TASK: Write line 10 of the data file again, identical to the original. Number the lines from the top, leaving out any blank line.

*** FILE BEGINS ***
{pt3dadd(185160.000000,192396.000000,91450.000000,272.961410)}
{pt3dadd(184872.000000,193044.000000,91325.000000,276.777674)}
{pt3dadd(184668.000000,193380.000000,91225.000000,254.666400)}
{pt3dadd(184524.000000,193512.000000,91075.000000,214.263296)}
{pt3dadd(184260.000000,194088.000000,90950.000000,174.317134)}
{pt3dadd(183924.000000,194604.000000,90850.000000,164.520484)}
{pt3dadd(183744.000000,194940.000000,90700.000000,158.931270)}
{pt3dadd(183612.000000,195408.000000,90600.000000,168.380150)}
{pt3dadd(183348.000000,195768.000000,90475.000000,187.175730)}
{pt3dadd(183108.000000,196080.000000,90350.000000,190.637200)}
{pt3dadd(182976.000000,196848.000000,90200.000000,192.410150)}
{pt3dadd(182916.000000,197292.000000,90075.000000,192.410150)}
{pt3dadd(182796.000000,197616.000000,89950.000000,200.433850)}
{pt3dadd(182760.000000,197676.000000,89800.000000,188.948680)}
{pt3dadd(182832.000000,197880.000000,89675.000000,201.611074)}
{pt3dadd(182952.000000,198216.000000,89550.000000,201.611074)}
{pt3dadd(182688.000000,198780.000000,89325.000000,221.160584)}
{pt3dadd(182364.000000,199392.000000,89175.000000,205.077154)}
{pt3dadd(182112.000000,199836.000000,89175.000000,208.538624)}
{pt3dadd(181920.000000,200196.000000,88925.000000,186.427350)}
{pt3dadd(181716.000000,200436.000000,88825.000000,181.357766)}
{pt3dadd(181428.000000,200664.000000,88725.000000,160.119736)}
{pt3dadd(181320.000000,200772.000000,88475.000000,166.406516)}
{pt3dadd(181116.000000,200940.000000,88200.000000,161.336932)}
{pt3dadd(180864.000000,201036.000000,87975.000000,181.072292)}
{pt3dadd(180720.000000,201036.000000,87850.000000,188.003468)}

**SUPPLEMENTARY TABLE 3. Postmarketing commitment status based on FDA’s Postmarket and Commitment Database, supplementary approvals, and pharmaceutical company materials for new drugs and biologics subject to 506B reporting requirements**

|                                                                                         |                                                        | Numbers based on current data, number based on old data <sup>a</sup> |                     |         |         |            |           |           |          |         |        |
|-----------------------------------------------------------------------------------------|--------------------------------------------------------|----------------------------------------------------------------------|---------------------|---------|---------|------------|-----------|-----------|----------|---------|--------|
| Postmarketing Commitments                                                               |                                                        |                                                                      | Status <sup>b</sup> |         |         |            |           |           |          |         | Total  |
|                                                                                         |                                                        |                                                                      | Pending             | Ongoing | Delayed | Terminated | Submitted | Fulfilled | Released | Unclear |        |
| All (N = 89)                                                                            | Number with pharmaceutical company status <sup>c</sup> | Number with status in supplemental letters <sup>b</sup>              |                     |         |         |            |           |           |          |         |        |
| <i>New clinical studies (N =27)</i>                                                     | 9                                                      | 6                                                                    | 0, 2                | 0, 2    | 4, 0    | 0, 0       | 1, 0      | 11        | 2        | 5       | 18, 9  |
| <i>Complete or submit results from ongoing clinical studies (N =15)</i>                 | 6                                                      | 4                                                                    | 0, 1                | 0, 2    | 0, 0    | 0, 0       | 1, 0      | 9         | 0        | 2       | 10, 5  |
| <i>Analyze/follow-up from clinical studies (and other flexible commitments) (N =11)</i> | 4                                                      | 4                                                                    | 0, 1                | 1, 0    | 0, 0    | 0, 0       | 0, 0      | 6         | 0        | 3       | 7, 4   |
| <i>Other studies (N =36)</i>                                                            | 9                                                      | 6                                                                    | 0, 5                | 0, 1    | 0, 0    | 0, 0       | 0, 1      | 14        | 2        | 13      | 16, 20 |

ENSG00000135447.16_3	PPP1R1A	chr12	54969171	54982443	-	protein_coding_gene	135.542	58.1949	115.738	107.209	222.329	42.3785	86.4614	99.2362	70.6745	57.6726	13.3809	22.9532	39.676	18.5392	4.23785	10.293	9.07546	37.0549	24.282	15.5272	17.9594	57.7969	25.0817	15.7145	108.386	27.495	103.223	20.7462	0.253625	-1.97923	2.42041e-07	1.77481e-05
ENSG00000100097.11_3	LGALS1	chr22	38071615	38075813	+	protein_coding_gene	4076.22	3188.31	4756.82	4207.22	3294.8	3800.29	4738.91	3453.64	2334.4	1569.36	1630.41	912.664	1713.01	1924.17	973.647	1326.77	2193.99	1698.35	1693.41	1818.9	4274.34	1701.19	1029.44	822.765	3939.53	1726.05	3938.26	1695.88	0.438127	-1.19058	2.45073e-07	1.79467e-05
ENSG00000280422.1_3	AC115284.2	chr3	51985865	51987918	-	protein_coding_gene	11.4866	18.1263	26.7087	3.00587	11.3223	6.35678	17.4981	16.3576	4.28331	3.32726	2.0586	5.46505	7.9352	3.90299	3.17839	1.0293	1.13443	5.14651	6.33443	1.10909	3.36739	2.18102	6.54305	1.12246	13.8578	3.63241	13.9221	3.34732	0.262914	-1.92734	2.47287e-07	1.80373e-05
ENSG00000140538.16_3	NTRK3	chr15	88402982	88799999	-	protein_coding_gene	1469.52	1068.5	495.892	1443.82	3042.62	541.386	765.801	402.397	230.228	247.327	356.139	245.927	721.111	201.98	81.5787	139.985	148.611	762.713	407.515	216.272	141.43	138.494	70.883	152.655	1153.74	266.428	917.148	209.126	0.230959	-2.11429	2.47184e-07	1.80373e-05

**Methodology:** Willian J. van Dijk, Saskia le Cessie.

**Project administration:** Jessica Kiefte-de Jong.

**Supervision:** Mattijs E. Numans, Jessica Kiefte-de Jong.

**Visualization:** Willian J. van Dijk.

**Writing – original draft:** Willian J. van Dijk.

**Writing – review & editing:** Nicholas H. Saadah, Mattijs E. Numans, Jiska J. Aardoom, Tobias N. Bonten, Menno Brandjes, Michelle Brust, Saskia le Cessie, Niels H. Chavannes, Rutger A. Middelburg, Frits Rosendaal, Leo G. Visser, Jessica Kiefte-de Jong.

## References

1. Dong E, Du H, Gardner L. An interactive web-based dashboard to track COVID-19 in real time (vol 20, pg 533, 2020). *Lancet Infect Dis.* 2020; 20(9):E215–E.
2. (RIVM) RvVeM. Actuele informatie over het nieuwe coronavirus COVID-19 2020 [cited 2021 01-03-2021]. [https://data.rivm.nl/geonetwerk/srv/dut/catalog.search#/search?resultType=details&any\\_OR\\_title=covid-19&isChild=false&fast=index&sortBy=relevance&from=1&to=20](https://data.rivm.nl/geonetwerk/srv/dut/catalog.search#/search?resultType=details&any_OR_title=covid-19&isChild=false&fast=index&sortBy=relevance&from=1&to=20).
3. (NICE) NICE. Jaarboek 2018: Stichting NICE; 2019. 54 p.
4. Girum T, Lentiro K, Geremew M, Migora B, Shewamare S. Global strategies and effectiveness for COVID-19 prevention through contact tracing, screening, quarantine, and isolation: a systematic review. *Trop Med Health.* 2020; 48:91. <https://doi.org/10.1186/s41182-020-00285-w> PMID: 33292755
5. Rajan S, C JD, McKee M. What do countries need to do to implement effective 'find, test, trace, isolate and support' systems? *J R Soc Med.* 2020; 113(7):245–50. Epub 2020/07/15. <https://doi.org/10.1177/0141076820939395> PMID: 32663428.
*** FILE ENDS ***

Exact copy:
{pt3dadd(183108.000000,196080.000000,90350.000000,190.637200)}